Homopolymer self-assembly of poly(propylene sulfone) hydrogels via dynamic noncovalent sulfone–sulfone bonding

Fanfan Du, Baofu Qiao, Trung Dac Nguyen, Michael P. Vincent, Sharan Bobbala, Sijia Yi, Chamille Lescott, Vinayak P. Dravid, Monica Olvera de la Cruz, Evan Alexander Scott*

*Corresponding author for this work

Research output: Contribution to journalArticlepeer-review

18 Scopus citations


Natural biomolecules such as peptides and DNA can dynamically self-organize into diverse hierarchical structures. Mimicry of this homopolymer self-assembly using synthetic systems has remained limited but would be advantageous for the design of adaptive bio/nanomaterials. Here, we report both experiments and simulations on the dynamic network self-assembly and subsequent collapse of the synthetic homopolymer poly(propylene sulfone). The assembly is directed by dynamic noncovalent sulfone–sulfone bonds that are susceptible to solvent polarity. The hydration history, specified by the stepwise increase in water ratio within lower polarity water-miscible solvents like dimethylsulfoxide, controls the homopolymer assembly into crystalline frameworks or uniform nanostructured hydrogels of spherical, vesicular, or cylindrical morphologies. These electrostatic hydrogels have a high affinity for a wide range of organic solutes, achieving >95% encapsulation efficiency for hydrophilic small molecules and biologics. This system validates sulfone–sulfone bonding for dynamic self-assembly, presenting a robust platform for controllable gelation, nanofabrication, and molecular encapsulation.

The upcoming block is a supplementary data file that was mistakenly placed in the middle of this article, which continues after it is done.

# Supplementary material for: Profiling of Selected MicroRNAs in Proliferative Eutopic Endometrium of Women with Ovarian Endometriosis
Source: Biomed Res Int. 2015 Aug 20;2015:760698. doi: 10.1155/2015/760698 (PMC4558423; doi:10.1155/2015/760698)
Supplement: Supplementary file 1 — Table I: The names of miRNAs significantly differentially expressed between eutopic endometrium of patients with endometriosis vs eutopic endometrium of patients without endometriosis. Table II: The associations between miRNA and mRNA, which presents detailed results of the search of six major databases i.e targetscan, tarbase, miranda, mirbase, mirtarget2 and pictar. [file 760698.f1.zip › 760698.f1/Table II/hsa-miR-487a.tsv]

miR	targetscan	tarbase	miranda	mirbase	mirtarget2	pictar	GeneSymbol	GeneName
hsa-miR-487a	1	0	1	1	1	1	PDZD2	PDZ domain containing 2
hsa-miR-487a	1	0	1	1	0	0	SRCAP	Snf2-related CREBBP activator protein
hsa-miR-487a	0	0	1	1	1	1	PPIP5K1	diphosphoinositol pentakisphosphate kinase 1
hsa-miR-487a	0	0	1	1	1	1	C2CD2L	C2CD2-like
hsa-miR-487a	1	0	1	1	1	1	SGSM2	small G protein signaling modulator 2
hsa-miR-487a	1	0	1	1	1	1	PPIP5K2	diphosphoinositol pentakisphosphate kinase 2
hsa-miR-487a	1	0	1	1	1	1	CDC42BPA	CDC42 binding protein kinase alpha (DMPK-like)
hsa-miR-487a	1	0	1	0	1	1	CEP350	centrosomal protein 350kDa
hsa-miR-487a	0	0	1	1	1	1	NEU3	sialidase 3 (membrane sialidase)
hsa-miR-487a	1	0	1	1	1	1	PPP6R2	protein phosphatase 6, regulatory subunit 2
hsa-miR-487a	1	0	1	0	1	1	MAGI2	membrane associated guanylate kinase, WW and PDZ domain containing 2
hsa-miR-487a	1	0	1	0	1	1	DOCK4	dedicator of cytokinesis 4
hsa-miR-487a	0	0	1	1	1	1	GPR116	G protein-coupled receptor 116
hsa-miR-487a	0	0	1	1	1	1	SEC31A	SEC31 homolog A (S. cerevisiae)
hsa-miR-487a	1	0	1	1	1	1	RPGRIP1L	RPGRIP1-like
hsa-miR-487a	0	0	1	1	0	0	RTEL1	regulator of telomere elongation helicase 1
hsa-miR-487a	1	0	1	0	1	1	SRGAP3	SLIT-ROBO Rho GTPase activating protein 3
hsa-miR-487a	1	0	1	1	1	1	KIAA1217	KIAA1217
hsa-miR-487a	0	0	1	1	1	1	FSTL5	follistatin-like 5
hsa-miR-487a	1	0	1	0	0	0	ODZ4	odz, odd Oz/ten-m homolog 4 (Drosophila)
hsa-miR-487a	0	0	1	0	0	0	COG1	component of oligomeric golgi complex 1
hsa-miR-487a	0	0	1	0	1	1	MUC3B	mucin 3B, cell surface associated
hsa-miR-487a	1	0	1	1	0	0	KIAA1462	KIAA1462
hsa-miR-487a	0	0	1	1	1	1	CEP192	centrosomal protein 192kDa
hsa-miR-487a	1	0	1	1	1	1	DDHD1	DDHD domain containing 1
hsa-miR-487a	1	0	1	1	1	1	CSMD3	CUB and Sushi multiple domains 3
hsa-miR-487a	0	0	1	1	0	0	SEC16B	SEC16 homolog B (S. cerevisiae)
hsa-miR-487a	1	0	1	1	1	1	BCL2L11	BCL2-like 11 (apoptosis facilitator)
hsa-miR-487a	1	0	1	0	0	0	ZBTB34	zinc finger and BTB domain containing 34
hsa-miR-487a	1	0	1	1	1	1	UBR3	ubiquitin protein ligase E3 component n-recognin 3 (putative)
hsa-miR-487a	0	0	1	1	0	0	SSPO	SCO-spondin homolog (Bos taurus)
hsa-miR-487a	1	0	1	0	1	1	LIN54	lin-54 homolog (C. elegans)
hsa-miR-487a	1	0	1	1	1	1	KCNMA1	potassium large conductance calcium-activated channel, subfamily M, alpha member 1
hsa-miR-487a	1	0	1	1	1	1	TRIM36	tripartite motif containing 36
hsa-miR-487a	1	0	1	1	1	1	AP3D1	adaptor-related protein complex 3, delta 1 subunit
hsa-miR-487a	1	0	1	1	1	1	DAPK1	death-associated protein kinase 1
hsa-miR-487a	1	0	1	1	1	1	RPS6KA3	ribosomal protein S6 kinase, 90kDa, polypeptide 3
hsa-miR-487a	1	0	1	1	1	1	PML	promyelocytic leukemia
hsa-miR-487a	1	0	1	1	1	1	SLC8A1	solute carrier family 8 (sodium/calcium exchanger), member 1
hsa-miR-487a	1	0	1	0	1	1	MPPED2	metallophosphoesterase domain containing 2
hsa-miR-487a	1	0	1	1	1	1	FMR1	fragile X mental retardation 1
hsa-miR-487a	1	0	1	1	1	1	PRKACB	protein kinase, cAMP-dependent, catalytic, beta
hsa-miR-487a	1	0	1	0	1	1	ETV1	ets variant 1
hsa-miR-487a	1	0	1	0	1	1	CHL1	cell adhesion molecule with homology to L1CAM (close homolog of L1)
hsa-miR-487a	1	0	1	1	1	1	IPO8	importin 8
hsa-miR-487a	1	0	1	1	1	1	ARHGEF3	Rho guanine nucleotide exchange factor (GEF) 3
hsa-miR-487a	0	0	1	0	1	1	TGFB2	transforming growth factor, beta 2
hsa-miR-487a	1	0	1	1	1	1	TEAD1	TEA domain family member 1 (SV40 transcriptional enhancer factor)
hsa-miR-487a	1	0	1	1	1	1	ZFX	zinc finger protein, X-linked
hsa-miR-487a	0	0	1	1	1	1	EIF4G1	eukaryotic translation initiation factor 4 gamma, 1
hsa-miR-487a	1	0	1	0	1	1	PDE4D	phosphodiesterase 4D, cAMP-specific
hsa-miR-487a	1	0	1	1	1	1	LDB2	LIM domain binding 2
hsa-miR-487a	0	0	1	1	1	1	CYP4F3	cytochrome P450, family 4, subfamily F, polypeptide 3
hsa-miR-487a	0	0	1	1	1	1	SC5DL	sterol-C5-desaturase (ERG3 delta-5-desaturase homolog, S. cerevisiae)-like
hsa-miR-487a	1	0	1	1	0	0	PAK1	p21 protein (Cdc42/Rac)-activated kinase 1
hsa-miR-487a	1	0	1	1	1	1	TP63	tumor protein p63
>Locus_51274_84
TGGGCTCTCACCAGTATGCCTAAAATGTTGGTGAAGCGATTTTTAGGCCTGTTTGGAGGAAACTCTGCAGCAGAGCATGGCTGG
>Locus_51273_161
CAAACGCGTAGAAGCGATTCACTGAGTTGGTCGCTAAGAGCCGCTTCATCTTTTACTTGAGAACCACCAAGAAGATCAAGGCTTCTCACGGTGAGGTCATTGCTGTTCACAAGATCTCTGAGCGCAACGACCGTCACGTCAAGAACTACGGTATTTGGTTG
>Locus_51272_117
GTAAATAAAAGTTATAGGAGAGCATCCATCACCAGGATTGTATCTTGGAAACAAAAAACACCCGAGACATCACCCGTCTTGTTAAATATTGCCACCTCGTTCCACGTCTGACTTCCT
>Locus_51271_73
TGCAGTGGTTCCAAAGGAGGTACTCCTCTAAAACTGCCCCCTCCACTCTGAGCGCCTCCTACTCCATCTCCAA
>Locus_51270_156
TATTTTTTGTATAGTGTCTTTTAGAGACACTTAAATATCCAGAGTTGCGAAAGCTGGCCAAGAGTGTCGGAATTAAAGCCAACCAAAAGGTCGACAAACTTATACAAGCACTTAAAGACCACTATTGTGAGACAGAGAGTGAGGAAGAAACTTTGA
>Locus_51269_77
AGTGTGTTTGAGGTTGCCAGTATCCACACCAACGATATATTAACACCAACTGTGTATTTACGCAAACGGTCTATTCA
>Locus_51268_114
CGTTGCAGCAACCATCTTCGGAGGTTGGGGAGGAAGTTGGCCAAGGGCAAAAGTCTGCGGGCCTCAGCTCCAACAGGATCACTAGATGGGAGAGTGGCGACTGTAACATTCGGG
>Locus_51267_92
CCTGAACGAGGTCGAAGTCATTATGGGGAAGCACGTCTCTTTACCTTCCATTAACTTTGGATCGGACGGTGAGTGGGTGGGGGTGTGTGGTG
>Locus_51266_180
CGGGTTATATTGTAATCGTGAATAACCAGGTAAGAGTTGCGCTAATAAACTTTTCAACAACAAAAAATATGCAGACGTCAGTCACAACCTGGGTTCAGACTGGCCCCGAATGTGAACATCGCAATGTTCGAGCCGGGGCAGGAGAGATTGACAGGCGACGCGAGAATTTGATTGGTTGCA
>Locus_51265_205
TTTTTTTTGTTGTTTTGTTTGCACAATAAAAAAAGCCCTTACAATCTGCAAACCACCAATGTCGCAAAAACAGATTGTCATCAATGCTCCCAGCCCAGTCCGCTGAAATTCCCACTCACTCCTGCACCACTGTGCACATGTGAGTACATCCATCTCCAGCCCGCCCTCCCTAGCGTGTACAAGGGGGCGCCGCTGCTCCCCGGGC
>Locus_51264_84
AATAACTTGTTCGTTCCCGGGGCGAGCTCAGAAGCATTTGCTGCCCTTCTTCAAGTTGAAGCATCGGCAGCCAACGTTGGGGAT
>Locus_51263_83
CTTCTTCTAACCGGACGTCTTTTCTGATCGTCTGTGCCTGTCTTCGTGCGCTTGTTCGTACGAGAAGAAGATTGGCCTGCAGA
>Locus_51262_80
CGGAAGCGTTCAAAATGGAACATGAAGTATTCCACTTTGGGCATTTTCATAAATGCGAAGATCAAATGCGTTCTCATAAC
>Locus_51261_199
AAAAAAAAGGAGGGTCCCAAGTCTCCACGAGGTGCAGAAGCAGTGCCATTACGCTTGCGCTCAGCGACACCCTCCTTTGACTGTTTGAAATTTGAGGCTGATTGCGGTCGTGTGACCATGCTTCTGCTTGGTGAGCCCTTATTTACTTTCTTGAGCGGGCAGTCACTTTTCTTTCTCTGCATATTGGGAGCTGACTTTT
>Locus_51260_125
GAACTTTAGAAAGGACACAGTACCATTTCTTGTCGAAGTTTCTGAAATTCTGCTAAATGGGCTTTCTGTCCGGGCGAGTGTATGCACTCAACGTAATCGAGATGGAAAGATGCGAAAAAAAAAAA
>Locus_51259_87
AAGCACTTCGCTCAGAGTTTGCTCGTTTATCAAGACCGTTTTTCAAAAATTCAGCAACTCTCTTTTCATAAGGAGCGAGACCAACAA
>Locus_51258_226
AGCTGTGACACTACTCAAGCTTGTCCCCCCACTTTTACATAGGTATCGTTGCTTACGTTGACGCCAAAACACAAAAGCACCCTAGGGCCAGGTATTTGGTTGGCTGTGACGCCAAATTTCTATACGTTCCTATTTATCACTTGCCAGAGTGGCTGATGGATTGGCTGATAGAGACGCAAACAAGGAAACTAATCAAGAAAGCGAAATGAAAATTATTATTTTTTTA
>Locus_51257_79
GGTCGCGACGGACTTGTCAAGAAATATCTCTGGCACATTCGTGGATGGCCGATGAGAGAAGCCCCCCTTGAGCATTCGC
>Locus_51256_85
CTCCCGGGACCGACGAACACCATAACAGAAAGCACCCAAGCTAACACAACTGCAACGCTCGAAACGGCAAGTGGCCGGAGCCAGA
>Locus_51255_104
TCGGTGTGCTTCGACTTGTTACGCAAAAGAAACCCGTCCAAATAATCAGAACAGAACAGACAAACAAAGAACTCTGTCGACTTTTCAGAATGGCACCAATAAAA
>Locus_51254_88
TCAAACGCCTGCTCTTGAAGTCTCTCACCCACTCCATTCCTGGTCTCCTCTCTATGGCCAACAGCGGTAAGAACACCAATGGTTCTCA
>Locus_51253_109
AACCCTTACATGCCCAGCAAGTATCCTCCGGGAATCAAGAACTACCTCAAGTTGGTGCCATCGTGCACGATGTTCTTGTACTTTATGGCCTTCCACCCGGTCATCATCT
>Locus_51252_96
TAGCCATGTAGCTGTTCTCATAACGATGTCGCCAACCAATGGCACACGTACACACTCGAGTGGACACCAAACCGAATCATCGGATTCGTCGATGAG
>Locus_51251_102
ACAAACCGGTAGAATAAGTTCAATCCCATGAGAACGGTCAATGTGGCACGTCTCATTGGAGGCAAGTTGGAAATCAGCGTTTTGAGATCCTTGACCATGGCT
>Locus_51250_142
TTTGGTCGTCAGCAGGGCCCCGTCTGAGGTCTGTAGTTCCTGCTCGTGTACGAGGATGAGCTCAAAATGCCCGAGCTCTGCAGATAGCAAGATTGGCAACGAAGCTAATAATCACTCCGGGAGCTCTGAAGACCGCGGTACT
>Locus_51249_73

Original languageEnglish (US)
Article number4896
JournalNature communications
Issue number1
StatePublished - Dec 1 2020

ASJC Scopus subject areas

  • General Physics and Astronomy
  • General Chemistry
  • General Biochemistry, Genetics and Molecular Biology


Dive into the research topics of 'Homopolymer self-assembly of poly(propylene sulfone) hydrogels via dynamic noncovalent sulfone–sulfone bonding'. Together they form a unique fingerprint.

Cite this